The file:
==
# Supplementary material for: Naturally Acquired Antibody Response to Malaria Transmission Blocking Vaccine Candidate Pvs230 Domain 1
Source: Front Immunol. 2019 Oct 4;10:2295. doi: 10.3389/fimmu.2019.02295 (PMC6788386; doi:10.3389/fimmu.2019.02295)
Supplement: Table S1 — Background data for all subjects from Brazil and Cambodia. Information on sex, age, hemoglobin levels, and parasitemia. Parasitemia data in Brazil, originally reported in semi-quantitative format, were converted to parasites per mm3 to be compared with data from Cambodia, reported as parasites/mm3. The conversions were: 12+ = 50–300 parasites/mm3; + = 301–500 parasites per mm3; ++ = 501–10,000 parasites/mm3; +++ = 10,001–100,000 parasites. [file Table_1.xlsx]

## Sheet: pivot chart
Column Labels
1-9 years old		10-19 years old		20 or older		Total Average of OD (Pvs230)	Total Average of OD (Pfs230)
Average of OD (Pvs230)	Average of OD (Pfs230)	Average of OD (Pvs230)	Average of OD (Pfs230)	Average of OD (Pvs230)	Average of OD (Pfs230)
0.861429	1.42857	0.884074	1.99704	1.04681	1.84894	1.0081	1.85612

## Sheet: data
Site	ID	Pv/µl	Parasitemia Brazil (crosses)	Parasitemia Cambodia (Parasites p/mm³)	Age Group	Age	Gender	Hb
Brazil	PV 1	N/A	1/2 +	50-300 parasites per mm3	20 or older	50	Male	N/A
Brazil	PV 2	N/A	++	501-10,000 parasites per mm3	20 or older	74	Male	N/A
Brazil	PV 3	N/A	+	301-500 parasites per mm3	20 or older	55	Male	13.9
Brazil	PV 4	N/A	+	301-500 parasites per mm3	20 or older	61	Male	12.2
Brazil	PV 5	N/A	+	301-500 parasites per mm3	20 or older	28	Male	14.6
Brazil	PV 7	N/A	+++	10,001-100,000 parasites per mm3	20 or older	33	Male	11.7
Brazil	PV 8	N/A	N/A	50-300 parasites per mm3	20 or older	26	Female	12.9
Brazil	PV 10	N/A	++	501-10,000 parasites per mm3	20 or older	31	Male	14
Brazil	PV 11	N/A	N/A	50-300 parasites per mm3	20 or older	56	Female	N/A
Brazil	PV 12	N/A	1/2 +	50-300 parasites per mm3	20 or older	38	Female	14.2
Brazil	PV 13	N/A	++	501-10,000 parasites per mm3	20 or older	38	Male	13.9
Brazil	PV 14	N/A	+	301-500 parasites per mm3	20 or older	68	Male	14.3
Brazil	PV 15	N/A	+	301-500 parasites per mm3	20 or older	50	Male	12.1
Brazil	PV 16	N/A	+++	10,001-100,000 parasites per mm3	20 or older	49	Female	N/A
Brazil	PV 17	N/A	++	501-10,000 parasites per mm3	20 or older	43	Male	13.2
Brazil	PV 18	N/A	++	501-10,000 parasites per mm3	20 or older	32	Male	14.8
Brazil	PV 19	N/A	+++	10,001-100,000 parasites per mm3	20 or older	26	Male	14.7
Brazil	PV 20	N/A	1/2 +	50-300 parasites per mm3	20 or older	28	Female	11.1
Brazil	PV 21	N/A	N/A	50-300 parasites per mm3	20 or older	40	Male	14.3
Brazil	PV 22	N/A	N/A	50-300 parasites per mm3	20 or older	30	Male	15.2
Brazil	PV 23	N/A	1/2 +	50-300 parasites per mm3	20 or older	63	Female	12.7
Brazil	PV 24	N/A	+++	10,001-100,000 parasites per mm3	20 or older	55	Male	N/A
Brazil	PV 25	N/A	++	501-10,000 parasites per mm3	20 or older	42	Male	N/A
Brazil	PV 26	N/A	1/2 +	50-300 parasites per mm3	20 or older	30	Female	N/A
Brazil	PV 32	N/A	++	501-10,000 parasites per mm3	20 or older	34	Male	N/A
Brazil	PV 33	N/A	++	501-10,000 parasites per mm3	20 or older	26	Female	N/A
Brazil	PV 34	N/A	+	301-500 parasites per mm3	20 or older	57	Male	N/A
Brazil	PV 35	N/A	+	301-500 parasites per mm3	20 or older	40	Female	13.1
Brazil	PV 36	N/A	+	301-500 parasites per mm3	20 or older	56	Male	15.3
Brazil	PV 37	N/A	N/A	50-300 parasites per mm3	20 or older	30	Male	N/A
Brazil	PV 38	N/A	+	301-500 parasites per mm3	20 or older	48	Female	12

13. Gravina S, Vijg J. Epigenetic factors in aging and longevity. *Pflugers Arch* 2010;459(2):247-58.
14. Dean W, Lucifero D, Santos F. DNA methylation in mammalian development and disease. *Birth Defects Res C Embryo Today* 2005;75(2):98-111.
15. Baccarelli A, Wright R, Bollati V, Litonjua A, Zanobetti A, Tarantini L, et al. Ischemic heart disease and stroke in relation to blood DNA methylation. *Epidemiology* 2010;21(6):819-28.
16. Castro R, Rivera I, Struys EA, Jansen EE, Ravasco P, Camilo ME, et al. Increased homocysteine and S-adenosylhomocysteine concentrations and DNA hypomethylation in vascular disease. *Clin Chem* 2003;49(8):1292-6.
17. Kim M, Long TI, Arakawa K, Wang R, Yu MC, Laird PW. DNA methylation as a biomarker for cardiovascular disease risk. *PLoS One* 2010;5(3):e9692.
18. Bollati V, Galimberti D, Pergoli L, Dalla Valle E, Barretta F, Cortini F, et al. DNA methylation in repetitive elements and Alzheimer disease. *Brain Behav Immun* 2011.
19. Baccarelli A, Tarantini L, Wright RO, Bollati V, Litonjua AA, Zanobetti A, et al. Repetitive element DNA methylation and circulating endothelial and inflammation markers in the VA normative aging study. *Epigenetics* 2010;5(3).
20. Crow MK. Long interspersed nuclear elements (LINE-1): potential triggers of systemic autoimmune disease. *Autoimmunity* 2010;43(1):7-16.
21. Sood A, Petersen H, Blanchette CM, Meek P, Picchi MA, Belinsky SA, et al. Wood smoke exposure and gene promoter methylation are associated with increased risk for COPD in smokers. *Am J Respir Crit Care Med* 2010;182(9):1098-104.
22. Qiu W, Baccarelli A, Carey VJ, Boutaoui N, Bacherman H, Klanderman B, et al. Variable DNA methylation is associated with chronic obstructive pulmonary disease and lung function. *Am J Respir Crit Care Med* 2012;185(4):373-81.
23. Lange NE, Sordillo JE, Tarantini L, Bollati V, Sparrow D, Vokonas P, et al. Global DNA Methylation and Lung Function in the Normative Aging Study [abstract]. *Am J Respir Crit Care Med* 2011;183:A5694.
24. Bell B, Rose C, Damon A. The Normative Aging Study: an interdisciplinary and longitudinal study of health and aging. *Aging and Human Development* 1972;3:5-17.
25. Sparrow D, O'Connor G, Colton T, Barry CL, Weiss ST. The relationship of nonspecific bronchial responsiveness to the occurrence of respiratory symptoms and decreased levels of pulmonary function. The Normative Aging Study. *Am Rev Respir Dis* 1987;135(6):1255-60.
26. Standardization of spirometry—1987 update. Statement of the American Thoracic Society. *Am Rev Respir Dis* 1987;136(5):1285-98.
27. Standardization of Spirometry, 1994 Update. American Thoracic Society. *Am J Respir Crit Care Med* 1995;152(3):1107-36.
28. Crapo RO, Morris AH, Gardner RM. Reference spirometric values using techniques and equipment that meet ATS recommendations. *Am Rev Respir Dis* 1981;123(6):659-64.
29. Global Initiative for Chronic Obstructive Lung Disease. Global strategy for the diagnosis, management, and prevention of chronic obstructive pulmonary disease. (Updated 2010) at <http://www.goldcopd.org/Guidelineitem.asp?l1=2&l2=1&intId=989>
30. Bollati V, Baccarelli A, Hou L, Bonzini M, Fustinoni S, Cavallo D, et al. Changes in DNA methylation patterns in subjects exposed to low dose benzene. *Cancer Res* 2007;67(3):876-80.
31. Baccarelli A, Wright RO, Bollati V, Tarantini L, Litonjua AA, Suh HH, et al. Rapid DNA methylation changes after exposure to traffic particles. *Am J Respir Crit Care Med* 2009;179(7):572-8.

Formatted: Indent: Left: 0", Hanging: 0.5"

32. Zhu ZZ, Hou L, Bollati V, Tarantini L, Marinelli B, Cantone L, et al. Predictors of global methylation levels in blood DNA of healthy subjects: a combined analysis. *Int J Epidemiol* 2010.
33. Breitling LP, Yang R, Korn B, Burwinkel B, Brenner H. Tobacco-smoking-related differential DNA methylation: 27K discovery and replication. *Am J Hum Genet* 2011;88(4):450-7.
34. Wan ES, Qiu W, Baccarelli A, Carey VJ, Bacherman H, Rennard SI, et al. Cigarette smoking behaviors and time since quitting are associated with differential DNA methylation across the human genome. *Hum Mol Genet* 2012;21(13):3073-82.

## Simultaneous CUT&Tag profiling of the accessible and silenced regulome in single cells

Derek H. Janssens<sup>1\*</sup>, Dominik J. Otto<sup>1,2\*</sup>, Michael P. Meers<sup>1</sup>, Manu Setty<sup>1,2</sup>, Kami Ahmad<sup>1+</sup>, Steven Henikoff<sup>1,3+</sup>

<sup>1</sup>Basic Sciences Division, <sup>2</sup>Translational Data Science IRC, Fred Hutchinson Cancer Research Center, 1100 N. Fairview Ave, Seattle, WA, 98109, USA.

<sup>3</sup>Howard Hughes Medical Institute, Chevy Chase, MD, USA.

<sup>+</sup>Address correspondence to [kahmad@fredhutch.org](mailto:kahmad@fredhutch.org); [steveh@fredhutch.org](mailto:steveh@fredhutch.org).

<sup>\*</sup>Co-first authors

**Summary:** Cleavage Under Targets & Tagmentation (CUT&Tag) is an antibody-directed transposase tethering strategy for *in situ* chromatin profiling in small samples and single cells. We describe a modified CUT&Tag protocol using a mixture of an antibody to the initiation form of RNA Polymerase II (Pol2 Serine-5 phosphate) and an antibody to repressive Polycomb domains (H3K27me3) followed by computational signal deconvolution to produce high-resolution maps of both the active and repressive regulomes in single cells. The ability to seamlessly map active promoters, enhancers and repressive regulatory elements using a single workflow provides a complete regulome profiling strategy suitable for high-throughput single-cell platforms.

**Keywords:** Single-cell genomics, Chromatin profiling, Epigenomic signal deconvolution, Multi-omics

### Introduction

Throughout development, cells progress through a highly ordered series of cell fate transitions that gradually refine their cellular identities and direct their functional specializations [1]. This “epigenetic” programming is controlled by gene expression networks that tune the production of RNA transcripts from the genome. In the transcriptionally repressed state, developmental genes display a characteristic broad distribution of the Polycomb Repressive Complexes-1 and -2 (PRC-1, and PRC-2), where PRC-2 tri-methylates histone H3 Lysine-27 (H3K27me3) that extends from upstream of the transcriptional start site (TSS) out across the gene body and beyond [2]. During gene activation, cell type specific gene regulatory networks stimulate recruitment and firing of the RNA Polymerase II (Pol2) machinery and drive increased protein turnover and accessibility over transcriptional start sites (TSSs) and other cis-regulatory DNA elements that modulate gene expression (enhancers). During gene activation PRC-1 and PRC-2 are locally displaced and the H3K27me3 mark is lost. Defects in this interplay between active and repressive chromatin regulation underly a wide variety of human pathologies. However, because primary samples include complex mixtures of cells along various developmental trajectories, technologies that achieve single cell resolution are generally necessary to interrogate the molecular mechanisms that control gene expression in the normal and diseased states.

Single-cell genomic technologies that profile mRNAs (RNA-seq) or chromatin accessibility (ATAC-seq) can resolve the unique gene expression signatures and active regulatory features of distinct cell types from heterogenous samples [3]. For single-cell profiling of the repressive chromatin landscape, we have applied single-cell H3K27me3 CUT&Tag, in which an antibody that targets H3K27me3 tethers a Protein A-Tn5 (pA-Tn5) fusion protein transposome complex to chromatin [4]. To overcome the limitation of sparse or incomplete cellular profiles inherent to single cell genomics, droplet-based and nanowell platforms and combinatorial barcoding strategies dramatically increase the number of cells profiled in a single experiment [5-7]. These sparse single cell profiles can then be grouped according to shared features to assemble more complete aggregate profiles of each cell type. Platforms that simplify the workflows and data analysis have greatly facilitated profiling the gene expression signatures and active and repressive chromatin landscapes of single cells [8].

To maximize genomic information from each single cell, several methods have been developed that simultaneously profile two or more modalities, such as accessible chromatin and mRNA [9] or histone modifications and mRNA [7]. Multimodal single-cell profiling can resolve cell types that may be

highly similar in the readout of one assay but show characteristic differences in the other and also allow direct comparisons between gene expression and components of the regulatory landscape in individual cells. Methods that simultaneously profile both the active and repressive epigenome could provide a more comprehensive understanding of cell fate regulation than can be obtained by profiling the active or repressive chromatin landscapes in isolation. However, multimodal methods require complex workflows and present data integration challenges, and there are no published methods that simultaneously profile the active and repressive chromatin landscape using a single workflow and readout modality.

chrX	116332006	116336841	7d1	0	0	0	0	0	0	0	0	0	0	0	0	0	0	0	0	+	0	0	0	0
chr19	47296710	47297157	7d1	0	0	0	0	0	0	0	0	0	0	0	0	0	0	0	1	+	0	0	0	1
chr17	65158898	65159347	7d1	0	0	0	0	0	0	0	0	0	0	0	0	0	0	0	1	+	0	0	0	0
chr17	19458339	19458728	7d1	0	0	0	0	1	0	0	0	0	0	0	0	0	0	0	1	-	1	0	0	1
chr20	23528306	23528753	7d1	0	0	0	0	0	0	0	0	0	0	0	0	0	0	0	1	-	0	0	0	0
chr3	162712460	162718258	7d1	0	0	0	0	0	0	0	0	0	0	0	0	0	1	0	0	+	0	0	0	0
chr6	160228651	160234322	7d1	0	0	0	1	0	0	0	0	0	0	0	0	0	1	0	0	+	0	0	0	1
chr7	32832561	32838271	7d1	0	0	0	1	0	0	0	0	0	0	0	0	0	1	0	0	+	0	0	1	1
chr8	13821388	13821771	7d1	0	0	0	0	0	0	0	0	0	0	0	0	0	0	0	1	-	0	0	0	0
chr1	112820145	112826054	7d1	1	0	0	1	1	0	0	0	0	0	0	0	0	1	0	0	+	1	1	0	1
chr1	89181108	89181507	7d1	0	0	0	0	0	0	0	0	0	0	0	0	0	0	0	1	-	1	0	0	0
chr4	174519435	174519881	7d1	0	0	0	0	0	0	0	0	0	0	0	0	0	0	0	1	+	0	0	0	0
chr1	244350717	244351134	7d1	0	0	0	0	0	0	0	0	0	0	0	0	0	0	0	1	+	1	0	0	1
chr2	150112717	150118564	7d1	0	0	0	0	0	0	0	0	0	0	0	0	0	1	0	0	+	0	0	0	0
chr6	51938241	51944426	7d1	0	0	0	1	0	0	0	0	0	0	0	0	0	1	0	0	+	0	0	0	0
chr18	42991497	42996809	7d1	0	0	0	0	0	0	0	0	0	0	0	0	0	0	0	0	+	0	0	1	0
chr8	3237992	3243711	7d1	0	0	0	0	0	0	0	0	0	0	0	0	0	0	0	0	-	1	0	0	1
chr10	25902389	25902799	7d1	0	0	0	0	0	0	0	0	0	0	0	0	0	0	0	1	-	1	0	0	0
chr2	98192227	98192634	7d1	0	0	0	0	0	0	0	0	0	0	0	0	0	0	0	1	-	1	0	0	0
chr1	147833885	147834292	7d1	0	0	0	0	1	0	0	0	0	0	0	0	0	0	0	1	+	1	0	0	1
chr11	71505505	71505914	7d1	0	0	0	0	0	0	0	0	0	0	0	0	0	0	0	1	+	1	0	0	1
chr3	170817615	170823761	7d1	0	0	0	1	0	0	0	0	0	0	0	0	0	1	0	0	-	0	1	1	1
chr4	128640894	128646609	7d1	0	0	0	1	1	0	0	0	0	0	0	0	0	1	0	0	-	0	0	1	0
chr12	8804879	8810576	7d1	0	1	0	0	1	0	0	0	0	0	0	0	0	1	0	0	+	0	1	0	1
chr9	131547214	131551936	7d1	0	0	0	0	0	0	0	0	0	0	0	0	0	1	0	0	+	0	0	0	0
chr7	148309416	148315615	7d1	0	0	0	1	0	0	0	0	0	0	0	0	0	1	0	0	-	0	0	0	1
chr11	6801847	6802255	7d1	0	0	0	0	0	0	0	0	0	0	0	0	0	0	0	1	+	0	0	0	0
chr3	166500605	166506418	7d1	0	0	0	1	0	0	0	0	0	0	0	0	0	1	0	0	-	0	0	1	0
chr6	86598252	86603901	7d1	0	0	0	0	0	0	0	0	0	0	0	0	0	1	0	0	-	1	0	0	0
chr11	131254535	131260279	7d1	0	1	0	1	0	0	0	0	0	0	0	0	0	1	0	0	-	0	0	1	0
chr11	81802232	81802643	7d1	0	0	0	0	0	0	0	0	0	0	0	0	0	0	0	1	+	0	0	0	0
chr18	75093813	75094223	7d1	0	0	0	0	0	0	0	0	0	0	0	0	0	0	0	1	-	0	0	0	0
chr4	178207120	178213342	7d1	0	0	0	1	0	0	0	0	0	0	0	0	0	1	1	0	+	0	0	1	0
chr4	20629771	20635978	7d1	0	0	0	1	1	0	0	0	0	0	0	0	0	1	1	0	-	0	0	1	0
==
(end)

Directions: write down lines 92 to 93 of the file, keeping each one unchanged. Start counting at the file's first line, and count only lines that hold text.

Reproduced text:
chr6	51938241	51944426	7d1	0	0	0	1	0	0	0	0	0	0	0	0	0	1	0	0	+	0	0	0	0
chr18	42991497	42996809	7d1	0	0	0	0	0	0	0	0	0	0	0	0	0	0	0	0	+	0	0	1	0